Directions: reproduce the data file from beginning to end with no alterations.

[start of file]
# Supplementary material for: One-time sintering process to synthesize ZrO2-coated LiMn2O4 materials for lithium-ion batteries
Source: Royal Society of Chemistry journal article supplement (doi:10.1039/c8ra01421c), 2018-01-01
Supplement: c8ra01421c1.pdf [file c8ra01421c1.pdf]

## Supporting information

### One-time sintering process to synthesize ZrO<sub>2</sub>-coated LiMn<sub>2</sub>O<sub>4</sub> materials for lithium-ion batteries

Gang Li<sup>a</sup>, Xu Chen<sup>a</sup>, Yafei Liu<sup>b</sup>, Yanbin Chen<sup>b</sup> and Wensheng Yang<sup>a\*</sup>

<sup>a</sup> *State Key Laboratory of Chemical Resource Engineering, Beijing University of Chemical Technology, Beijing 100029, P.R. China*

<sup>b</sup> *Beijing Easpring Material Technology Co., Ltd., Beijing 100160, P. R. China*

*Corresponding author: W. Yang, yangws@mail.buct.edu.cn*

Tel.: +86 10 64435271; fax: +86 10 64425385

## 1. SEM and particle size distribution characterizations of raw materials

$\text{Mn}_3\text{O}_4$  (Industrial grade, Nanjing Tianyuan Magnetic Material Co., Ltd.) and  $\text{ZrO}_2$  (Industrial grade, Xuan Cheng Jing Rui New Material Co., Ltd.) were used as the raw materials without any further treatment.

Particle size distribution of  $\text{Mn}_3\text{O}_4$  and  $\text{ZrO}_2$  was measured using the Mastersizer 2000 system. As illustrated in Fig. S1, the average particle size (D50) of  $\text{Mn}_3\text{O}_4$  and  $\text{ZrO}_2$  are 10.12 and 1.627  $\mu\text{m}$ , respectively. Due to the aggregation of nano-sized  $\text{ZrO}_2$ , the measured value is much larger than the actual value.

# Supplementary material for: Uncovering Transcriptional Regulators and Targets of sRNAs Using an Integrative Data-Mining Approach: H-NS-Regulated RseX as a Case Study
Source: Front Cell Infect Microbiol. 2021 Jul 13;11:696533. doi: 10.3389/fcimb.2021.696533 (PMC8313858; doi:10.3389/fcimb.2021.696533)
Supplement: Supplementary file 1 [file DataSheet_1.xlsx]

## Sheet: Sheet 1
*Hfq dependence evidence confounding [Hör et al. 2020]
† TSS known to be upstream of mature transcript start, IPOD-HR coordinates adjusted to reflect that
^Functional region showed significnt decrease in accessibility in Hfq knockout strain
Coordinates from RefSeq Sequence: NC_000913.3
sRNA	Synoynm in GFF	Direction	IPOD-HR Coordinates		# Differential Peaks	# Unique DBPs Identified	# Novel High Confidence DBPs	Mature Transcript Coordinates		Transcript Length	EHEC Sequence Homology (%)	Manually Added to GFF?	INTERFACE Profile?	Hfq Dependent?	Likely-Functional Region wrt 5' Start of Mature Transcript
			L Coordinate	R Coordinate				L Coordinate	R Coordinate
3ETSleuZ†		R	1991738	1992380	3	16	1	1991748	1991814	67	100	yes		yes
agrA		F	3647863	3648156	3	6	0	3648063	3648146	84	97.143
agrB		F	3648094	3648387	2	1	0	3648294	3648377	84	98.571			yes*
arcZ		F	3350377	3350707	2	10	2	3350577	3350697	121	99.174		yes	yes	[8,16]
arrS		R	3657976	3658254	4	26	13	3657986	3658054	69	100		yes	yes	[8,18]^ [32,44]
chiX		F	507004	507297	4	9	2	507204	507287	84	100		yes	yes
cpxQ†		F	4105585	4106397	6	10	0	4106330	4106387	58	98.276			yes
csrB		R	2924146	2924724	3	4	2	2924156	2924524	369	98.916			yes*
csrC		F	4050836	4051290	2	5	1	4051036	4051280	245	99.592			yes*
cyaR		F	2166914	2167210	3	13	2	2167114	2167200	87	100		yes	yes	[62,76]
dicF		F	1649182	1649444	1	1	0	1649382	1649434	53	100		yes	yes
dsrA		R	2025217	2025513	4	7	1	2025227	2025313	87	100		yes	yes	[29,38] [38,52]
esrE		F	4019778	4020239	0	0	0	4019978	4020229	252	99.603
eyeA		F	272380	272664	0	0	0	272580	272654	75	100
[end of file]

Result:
# Supplementary material for: One-time sintering process to synthesize ZrO2-coated LiMn2O4 materials for lithium-ion batteries
Source: Royal Society of Chemistry journal article supplement (doi:10.1039/c8ra01421c), 2018-01-01
Supplement: c8ra01421c1.pdf [file c8ra01421c1.pdf]

## Supporting information

### One-time sintering process to synthesize ZrO<sub>2</sub>-coated LiMn<sub>2</sub>O<sub>4</sub> materials for lithium-ion batteries

Gang Li<sup>a</sup>, Xu Chen<sup>a</sup>, Yafei Liu<sup>b</sup>, Yanbin Chen<sup>b</sup> and Wensheng Yang<sup>a\*</sup>

<sup>a</sup> *State Key Laboratory of Chemical Resource Engineering, Beijing University of Chemical Technology, Beijing 100029, P.R. China*

<sup>b</sup> *Beijing Easpring Material Technology Co., Ltd., Beijing 100160, P. R. China*

*Corresponding author: W. Yang, yangws@mail.buct.edu.cn*

Tel.: +86 10 64435271; fax: +86 10 64425385

## 1. SEM and particle size distribution characterizations of raw materials

$\text{Mn}_3\text{O}_4$  (Industrial grade, Nanjing Tianyuan Magnetic Material Co., Ltd.) and  $\text{ZrO}_2$  (Industrial grade, Xuan Cheng Jing Rui New Material Co., Ltd.) were used as the raw materials without any further treatment.

Particle size distribution of  $\text{Mn}_3\text{O}_4$  and  $\text{ZrO}_2$  was measured using the Mastersizer 2000 system. As illustrated in Fig. S1, the average particle size (D50) of  $\text{Mn}_3\text{O}_4$  and  $\text{ZrO}_2$  are 10.12 and 1.627  $\mu\text{m}$ , respectively. Due to the aggregation of nano-sized  $\text{ZrO}_2$ , the measured value is much larger than the actual value.

# Supplementary material for: Uncovering Transcriptional Regulators and Targets of sRNAs Using an Integrative Data-Mining Approach: H-NS-Regulated RseX as a Case Study
Source: Front Cell Infect Microbiol. 2021 Jul 13;11:696533. doi: 10.3389/fcimb.2021.696533 (PMC8313858; doi:10.3389/fcimb.2021.696533)
Supplement: Supplementary file 1 [file DataSheet_1.xlsx]

## Sheet: Sheet 1
*Hfq dependence evidence confounding [Hör et al. 2020]
† TSS known to be upstream of mature transcript start, IPOD-HR coordinates adjusted to reflect that
^Functional region showed significnt decrease in accessibility in Hfq knockout strain
Coordinates from RefSeq Sequence: NC_000913.3
sRNA	Synoynm in GFF	Direction	IPOD-HR Coordinates		# Differential Peaks	# Unique DBPs Identified	# Novel High Confidence DBPs	Mature Transcript Coordinates		Transcript Length	EHEC Sequence Homology (%)	Manually Added to GFF?	INTERFACE Profile?	Hfq Dependent?	Likely-Functional Region wrt 5' Start of Mature Transcript
			L Coordinate	R Coordinate				L Coordinate	R Coordinate
3ETSleuZ†		R	1991738	1992380	3	16	1	1991748	1991814	67	100	yes		yes
agrA		F	3647863	3648156	3	6	0	3648063	3648146	84	97.143
agrB		F	3648094	3648387	2	1	0	3648294	3648377	84	98.571			yes*
arcZ		F	3350377	3350707	2	10	2	3350577	3350697	121	99.174		yes	yes	[8,16]
arrS		R	3657976	3658254	4	26	13	3657986	3658054	69	100		yes	yes	[8,18]^ [32,44]
chiX		F	507004	507297	4	9	2	507204	507287	84	100		yes	yes
cpxQ†		F	4105585	4106397	6	10	0	4106330	4106387	58	98.276			yes
csrB		R	2924146	2924724	3	4	2	2924156	2924524	369	98.916			yes*
csrC		F	4050836	4051290	2	5	1	4051036	4051280	245	99.592			yes*
cyaR		F	2166914	2167210	3	13	2	2167114	2167200	87	100		yes	yes	[62,76]
dicF		F	1649182	1649444	1	1	0	1649382	1649434	53	100		yes	yes
dsrA		R	2025217	2025513	4	7	1	2025227	2025313	87	100		yes	yes	[29,38] [38,52]
esrE		F	4019778	4020239	0	0	0	4019978	4020229	252	99.603
eyeA		F	272380	272664	0	0	0	272580	272654	75	100